Politics, government and public life for Southern California

Just how much waste and fraud has Wendy Greuel found as city controller?

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Wendy Greuel’s mayoral campaign released its first television ad Tuesday to promote the work she’s done as L.A. city controller. She says she’s identified $160 million in waste - but it turns out that numbers are a tricky thing.

The 30-second spot is the first TV ad in this year's Los Angeles mayoral campaign – and it immediately drew criticism from one of Greuel’s opponents.

“As city controller, I found $160 million in waste and fraud – your tax dollars squandered,” Greuel says in the ad. “ As mayor, I can stop the waste because I know where it is.”

On her campaign website, Greuel, who was elected controller in 2009, identifies a total of $175 million in what she calls “wasteful spending, fraudulent activity and abuse of city resources.” 

Before the campaign released the ad to the media , Eric Garcetti’s campaign cried foul. A statement from the Garcetti campaign argued that as controller, Greuel found $96.7 million in waste – a figure the controller's own website seems to back up. Statements from 2010, 2011 and 2012 indicated that Greuel's audits identified a total of $96.5 million. So, why the discrepancy with the $175 million figure on her campaign website and the $160 million number in the ad?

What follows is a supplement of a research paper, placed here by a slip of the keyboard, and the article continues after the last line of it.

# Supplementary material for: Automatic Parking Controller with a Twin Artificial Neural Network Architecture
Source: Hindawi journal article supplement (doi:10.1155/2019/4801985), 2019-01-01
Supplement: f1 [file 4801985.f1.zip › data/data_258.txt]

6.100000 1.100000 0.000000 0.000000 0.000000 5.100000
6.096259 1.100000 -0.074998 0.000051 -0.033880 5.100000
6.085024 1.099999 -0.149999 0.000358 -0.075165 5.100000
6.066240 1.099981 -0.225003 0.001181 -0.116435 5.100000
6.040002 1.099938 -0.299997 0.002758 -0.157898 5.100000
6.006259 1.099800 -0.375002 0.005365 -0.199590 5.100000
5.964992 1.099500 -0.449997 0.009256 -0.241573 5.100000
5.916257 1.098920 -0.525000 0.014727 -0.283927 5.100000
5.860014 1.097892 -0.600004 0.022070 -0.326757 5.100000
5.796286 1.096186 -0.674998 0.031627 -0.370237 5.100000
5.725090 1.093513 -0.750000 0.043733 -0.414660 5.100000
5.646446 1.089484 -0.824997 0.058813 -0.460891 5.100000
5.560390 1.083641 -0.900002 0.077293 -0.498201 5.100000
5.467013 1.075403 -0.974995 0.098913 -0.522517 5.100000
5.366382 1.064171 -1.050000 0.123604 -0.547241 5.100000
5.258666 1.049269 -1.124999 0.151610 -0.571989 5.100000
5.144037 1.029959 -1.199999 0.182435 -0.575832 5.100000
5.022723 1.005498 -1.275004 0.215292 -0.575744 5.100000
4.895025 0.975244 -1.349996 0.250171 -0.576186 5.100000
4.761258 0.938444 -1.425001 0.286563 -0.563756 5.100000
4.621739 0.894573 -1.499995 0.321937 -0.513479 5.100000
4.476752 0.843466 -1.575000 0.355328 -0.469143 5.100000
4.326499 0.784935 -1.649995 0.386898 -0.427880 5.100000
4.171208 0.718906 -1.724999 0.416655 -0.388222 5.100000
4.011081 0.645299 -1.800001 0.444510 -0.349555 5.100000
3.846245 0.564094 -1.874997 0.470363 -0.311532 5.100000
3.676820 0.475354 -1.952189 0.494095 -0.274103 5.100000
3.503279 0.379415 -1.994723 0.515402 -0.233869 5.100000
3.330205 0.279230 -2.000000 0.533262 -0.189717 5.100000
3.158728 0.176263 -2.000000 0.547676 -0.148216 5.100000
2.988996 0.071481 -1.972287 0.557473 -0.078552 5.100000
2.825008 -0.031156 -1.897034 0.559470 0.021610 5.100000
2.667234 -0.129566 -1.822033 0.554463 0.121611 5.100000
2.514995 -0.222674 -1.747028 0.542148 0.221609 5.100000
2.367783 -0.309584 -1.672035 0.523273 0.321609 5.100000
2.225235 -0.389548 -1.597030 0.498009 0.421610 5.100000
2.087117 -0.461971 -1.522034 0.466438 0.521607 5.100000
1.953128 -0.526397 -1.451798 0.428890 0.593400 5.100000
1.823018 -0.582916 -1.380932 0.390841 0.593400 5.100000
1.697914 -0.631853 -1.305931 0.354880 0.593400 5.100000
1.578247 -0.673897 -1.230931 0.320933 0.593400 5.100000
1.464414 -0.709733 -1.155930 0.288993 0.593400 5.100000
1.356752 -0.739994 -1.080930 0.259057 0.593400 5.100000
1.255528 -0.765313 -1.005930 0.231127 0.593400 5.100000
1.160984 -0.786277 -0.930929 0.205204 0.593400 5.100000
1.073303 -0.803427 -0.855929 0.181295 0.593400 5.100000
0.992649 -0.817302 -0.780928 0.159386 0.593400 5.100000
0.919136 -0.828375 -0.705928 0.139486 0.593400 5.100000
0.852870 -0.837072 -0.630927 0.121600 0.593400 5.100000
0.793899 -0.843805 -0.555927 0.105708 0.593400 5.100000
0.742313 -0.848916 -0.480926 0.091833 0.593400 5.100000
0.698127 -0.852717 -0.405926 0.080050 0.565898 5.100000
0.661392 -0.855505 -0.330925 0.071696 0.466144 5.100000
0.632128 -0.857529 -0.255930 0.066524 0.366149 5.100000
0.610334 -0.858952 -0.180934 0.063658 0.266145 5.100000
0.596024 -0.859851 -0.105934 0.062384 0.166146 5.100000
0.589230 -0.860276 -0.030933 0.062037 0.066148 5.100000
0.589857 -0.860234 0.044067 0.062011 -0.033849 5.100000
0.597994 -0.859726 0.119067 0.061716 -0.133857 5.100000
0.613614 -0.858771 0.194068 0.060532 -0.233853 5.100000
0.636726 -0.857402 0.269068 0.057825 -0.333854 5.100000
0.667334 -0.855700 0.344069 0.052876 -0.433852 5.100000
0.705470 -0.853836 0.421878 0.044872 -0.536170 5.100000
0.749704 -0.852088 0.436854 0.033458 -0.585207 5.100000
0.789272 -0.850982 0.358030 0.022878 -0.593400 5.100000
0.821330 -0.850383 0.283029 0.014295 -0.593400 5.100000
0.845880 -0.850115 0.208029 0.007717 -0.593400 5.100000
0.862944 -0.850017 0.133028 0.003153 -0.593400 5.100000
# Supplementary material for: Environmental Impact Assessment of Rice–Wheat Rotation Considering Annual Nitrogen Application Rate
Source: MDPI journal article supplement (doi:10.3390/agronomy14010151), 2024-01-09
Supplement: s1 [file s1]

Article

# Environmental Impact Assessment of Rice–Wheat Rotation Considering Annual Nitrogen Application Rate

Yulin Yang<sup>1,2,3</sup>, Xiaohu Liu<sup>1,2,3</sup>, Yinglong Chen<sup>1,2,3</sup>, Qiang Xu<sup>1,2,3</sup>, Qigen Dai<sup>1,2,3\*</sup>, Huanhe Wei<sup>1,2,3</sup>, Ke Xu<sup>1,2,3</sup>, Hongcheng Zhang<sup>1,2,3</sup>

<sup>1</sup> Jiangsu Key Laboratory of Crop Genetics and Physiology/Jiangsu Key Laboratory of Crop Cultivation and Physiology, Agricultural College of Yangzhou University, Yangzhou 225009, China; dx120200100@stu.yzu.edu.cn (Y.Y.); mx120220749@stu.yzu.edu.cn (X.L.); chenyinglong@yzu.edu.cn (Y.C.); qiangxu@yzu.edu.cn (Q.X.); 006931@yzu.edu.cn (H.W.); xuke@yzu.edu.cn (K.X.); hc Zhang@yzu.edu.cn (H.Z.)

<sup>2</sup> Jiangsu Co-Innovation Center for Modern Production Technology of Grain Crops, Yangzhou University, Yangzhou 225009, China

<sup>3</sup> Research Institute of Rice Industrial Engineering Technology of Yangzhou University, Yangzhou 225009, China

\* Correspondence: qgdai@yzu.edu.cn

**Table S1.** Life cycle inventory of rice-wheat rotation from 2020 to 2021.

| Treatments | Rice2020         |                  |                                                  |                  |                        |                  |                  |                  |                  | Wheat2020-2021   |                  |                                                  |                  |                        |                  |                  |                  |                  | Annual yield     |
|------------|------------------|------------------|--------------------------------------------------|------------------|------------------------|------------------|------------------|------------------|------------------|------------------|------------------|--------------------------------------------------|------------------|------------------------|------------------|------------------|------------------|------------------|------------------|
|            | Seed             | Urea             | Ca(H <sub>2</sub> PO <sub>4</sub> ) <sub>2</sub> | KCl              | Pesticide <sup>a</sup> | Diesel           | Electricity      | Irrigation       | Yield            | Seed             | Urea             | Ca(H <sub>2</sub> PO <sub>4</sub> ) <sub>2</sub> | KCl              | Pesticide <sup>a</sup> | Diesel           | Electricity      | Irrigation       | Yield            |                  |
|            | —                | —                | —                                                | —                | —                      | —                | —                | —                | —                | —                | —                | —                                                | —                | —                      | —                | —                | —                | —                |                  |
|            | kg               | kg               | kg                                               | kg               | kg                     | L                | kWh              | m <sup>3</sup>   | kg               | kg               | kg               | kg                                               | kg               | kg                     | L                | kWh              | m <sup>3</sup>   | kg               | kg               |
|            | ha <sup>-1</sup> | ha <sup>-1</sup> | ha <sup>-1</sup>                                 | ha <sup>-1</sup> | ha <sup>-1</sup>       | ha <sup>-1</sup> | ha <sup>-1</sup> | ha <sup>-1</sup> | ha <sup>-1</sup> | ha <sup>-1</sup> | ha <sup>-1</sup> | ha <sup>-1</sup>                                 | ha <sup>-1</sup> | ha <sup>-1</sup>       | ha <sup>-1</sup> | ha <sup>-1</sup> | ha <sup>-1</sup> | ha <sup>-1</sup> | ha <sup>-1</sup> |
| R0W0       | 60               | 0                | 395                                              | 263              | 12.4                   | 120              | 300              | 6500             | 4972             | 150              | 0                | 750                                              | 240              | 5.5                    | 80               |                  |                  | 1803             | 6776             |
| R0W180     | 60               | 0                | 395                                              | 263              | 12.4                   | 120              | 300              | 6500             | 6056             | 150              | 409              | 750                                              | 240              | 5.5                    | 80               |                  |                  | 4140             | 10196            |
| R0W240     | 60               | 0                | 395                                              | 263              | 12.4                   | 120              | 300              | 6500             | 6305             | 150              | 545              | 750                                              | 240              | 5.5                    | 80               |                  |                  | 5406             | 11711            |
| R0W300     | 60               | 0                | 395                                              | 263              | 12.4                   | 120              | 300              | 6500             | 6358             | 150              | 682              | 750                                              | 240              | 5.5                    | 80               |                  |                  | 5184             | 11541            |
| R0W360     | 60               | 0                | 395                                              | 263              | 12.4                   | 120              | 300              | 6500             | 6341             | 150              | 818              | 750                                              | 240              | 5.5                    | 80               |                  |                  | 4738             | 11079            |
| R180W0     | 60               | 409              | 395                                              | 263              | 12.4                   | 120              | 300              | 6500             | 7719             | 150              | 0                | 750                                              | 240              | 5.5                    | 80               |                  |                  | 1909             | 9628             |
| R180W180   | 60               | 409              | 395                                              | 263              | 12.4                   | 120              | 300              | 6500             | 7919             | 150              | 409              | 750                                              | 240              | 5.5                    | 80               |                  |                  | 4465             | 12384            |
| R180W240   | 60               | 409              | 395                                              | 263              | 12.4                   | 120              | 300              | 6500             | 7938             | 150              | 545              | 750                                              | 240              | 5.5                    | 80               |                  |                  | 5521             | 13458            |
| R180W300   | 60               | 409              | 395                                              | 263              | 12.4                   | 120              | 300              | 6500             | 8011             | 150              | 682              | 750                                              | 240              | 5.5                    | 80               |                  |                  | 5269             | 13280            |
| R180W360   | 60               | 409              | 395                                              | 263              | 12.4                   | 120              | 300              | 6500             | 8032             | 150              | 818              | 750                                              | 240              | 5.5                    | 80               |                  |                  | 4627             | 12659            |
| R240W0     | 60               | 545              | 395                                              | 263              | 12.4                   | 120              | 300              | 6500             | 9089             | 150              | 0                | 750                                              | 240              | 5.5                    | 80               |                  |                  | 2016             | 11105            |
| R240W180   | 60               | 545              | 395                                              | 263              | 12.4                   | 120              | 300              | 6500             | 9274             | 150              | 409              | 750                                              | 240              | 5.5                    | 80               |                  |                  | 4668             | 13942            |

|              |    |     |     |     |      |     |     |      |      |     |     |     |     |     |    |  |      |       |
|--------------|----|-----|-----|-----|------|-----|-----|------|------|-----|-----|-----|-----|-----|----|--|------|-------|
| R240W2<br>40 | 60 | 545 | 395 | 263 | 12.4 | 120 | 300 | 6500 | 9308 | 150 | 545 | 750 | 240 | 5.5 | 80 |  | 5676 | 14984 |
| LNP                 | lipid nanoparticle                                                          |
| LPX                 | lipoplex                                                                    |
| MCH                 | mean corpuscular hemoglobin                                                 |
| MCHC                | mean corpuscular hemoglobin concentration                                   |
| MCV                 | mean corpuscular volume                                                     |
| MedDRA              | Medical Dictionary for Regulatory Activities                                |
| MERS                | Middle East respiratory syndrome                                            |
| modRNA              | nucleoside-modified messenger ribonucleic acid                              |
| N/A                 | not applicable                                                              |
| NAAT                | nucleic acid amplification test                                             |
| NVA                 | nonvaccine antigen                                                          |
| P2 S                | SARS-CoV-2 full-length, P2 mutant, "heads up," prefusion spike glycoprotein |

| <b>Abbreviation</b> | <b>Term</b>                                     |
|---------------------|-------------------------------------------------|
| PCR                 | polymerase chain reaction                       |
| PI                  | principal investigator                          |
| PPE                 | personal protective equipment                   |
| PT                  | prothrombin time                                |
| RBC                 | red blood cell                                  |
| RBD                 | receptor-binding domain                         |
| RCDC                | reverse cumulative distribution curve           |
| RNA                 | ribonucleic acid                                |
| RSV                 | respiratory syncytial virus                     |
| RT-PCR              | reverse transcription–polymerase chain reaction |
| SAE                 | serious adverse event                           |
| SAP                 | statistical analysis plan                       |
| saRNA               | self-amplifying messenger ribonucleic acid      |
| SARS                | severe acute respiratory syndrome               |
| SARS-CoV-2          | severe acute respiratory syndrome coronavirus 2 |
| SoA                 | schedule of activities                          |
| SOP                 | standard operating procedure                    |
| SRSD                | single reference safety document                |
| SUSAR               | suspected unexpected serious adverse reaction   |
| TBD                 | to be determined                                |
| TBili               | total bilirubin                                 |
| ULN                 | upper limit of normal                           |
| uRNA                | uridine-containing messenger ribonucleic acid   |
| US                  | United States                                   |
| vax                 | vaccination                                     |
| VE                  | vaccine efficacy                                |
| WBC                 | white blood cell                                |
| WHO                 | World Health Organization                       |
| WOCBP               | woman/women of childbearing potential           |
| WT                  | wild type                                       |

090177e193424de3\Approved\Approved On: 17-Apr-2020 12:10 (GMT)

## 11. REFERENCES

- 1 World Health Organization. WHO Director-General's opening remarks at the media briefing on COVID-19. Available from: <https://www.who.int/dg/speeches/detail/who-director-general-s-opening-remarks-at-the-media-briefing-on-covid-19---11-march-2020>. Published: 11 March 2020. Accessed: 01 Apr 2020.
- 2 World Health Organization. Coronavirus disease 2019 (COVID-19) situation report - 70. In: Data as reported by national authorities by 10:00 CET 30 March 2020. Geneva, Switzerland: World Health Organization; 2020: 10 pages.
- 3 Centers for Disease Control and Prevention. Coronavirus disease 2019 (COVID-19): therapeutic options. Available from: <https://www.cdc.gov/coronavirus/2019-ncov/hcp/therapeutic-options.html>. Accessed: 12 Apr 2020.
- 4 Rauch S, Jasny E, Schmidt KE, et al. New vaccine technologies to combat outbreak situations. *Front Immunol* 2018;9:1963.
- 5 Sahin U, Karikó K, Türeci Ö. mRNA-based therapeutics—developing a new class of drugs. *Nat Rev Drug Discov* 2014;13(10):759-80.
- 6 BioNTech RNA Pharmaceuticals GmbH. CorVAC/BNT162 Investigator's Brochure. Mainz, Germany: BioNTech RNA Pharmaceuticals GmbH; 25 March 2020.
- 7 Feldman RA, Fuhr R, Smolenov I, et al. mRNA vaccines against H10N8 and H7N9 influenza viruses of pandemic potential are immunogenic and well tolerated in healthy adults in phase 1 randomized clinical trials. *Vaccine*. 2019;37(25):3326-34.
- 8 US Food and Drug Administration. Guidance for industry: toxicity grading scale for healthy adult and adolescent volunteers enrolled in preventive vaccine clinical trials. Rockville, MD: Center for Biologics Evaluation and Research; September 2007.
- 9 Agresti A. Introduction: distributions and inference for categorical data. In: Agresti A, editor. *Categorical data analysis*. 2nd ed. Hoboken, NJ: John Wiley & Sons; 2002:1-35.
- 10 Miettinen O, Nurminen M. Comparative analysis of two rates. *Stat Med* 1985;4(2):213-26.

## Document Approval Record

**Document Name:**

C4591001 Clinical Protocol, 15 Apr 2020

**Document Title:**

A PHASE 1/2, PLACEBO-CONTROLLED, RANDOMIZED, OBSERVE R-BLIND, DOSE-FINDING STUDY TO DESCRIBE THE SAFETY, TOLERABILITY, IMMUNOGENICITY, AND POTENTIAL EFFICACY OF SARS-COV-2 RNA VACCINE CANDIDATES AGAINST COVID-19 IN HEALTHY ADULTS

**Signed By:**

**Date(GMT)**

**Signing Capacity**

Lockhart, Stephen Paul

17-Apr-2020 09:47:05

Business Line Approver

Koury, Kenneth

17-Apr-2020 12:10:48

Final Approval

The Wendy Greuel mayoral campaign says her audit on street furniture identified $80 million in lost funds. Not quite. The audit (and a year-end statement) found that the city lost $23.1 million. The report warned that L.A. could miss another $57 million without a contract amendment, but it didn't identify that figure as money the city lost or squandered.

An audit of the Real Property Trust Fund found a loss of $7 million.  (A year-end report on the controller’s performance backs up that figure.) The Greuel campaign website inflates that figure  to $24 million. One possible explanation: the controller’s audit found that over a 12-year period, $25 million that could have gone into the city’s General Fund went instead to council members’ discretionary accounts. 

So, what's a couple of million here and there?

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